Mediator as Information ExchangerGood settlements generally require the exercise of good judgment by the parties.  Most people are not ready to resolve their dispute unless and until they have all the information available to consider and process.  A reasoned top or bottom line assessment of settlement value results from a careful analysis of all the factors refined and uncovered during the mediation process.  The mediator’s job is to manage the transfer and exchange of as much information as possible.  The exchange of information is particularly important should the parties be unready or unwilling to settle.  There is great value in the mediation process if the parties come away knowing each other’s numbers, having a better understanding and appreciation of the risks, the facts, the costs and the other side’s perspective with which they will contend going forward.  Understanding and considering the other side’s perspective is often an undervalued aspect of the mediation process.

Mediator as Guide to Needs and Interests.  Most parties and their advocates are trained in positional or distributive bargaining.  They rarely think about or identify the underlying needs and interests driving the dispute.  Accordingly, another mediator job is to assist the parties in identifying their own needs and interests and trying to read those influencing the stance of their adversaries.  When needs and interests are identified and examined, the parties may be better able to formulate proposals that are attractive and positive.  For example, in a non-solicitation case, a former employee resigned to start his own business, inviting current clients to leave with him in violation of his employment contract.  Plaintiff sued for injunctive relief and damages.  The plaintiff’s CEO, whose business was highly successful and lucrative, did not actually care whether he recovered any money.  The plaintiff cared about his office full of current employees observing whether defendant got away with disregarding the same non-solicitation agreement they had signed.  The defendant, whose business venture had not succeeded, was interested in moving on with life and ending expensive legal representation.  He was more than willing to acknowledge the validity of his contract to avoid further litigation.  Without exploring underlying needs and interests, a resolution might not have been possible.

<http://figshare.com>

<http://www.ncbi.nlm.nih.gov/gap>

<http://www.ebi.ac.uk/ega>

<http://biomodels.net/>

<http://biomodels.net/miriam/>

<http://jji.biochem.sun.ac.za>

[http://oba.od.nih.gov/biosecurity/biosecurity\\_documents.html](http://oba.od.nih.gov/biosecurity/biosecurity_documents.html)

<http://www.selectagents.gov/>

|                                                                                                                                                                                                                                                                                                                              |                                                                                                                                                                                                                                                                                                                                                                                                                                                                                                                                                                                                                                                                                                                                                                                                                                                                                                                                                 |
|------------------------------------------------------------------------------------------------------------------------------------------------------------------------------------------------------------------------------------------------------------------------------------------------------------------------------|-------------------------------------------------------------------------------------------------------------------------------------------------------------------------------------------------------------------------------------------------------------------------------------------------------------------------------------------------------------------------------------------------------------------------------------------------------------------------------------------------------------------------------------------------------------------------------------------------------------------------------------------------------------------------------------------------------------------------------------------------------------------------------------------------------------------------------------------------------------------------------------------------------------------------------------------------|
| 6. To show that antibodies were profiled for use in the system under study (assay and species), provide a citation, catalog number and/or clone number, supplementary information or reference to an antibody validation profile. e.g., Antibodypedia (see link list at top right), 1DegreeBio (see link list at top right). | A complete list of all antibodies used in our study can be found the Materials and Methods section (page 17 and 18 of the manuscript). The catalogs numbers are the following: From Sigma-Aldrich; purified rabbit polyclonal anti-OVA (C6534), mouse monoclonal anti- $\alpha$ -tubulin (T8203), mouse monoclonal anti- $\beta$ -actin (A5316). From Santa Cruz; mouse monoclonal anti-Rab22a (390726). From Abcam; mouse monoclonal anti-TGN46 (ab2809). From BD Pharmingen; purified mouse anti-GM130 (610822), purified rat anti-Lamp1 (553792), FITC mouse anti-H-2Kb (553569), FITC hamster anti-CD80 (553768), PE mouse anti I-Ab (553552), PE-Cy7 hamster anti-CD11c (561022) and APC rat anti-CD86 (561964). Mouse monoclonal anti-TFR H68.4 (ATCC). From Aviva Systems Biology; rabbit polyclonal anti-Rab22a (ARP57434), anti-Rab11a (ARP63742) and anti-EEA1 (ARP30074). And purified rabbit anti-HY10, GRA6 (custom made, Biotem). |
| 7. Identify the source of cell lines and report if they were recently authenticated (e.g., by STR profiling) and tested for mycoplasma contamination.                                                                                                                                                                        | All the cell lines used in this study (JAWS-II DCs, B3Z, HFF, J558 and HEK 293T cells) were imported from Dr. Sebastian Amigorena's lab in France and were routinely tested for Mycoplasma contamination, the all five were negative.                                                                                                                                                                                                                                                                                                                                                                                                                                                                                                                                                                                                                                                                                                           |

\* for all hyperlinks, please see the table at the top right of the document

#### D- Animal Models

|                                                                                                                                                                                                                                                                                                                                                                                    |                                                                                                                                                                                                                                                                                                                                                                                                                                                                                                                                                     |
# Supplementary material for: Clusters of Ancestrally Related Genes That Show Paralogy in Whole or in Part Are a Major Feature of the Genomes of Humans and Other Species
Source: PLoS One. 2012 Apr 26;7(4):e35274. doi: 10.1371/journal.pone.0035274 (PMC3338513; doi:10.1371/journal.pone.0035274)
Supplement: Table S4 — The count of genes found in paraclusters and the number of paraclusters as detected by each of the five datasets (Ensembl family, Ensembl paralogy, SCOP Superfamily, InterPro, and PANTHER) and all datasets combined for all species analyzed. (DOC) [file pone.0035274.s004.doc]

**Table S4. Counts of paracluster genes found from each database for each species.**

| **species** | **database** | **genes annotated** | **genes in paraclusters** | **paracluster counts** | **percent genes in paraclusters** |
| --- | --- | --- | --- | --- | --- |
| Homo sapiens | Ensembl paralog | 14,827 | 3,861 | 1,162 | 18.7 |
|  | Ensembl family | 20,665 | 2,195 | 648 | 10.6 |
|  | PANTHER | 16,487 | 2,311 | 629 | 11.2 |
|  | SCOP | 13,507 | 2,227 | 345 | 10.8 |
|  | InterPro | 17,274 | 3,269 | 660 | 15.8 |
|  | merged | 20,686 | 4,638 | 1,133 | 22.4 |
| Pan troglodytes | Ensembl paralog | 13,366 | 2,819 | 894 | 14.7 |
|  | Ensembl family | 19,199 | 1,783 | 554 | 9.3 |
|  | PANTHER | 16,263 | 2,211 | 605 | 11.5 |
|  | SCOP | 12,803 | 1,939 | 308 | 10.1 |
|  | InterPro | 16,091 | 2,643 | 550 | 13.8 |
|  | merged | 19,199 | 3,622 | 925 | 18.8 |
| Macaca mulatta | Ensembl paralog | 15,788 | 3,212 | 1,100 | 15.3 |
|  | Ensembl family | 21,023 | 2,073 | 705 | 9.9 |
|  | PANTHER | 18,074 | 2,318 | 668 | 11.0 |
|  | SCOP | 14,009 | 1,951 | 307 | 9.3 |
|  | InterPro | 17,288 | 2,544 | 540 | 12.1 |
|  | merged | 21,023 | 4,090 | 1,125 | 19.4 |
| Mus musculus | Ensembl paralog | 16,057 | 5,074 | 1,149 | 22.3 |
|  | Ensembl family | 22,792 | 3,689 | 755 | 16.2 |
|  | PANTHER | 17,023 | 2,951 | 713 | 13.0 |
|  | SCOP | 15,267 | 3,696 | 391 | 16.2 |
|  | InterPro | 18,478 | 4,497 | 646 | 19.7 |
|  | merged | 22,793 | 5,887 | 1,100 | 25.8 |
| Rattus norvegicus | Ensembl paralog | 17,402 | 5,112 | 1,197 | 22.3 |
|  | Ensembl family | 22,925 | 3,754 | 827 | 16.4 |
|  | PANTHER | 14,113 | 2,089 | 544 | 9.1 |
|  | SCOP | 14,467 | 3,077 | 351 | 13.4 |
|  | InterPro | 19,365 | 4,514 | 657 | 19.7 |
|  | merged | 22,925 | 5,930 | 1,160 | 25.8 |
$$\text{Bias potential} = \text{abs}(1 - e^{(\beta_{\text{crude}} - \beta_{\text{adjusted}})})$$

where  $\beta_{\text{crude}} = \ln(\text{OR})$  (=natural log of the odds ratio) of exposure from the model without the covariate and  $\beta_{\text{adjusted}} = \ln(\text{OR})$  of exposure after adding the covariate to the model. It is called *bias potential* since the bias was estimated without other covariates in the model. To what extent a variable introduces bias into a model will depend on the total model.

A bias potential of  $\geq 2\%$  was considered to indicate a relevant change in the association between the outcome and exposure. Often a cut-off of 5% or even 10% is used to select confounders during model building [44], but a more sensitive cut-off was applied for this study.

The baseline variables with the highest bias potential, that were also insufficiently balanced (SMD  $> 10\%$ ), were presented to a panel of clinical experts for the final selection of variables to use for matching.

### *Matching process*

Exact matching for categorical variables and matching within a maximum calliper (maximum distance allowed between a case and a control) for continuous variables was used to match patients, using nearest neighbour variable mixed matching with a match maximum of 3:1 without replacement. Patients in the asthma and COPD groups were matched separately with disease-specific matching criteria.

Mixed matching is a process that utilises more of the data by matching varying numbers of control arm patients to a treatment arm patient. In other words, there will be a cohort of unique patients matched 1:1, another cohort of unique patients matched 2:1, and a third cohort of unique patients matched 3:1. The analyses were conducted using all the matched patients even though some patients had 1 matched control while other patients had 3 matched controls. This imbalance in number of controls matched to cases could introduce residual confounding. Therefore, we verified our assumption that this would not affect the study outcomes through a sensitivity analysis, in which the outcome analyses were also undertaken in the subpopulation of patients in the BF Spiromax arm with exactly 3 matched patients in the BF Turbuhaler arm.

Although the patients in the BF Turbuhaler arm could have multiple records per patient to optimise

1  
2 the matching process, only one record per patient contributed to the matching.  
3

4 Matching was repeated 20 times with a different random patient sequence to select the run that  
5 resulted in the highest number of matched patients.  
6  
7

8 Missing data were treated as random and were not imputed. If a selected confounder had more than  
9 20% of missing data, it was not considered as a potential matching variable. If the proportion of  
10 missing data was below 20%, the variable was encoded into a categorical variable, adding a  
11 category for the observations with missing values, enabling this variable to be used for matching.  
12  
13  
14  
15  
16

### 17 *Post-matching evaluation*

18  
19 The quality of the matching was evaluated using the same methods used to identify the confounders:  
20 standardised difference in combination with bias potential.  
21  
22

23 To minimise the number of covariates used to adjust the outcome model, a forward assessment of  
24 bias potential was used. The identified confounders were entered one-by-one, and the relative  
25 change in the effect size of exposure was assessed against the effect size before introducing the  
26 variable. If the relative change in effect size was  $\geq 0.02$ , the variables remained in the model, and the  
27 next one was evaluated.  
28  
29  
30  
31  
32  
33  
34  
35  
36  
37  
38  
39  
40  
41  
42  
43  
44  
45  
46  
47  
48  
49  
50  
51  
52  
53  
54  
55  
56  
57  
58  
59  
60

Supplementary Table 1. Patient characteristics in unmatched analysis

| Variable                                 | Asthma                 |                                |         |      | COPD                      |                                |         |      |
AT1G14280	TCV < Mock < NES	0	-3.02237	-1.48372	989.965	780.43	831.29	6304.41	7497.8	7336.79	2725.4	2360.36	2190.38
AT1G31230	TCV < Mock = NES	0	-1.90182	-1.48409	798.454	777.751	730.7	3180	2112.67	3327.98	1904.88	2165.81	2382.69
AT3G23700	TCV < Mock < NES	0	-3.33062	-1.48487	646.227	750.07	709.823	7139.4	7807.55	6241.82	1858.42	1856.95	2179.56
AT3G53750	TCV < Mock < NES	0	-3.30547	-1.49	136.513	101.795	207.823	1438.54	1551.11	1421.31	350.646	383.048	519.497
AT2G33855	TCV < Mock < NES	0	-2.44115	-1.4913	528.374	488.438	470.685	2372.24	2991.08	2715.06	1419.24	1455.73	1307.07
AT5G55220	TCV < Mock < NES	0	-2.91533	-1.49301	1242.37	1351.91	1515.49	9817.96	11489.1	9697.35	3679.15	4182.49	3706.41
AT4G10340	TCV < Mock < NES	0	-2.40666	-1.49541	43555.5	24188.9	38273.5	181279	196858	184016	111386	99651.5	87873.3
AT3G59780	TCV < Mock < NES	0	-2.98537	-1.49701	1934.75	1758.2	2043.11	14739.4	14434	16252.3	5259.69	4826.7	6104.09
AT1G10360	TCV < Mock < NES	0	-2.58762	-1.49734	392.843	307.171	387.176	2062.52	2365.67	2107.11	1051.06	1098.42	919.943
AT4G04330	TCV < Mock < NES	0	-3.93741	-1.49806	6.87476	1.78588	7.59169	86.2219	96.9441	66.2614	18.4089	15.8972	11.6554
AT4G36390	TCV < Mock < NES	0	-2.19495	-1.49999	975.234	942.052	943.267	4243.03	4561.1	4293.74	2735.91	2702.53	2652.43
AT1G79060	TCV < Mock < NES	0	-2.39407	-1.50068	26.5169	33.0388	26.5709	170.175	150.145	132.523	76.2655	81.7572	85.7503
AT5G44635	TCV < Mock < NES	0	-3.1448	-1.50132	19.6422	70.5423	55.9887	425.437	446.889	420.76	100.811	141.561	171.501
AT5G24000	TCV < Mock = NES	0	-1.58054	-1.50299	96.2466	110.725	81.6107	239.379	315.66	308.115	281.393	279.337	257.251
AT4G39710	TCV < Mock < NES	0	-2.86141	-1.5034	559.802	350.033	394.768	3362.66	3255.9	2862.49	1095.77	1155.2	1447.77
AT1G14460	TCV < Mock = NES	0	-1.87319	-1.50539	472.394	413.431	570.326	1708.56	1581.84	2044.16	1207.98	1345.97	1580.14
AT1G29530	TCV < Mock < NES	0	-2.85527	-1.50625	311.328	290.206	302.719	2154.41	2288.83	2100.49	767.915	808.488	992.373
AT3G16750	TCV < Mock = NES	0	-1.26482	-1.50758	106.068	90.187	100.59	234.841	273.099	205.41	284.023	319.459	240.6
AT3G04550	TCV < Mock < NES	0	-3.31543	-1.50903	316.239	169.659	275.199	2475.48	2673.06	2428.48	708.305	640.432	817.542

Mediator as Negotiation Coach.  When the mediation process is boiled down to its least common denominator, it is nothing more than an assisted negotiation.  The mediator, neutral, unbiased and objective, is there to assist the parties in better understanding each other, removing obstacles to understanding, and communicating in constructive ways.  A major complaint expressed by litigators is the mediator who does little more than carrying messages and offers back and forth between the parties without any input or comment.  This is understandable.  A simple messenger adds little value to the process.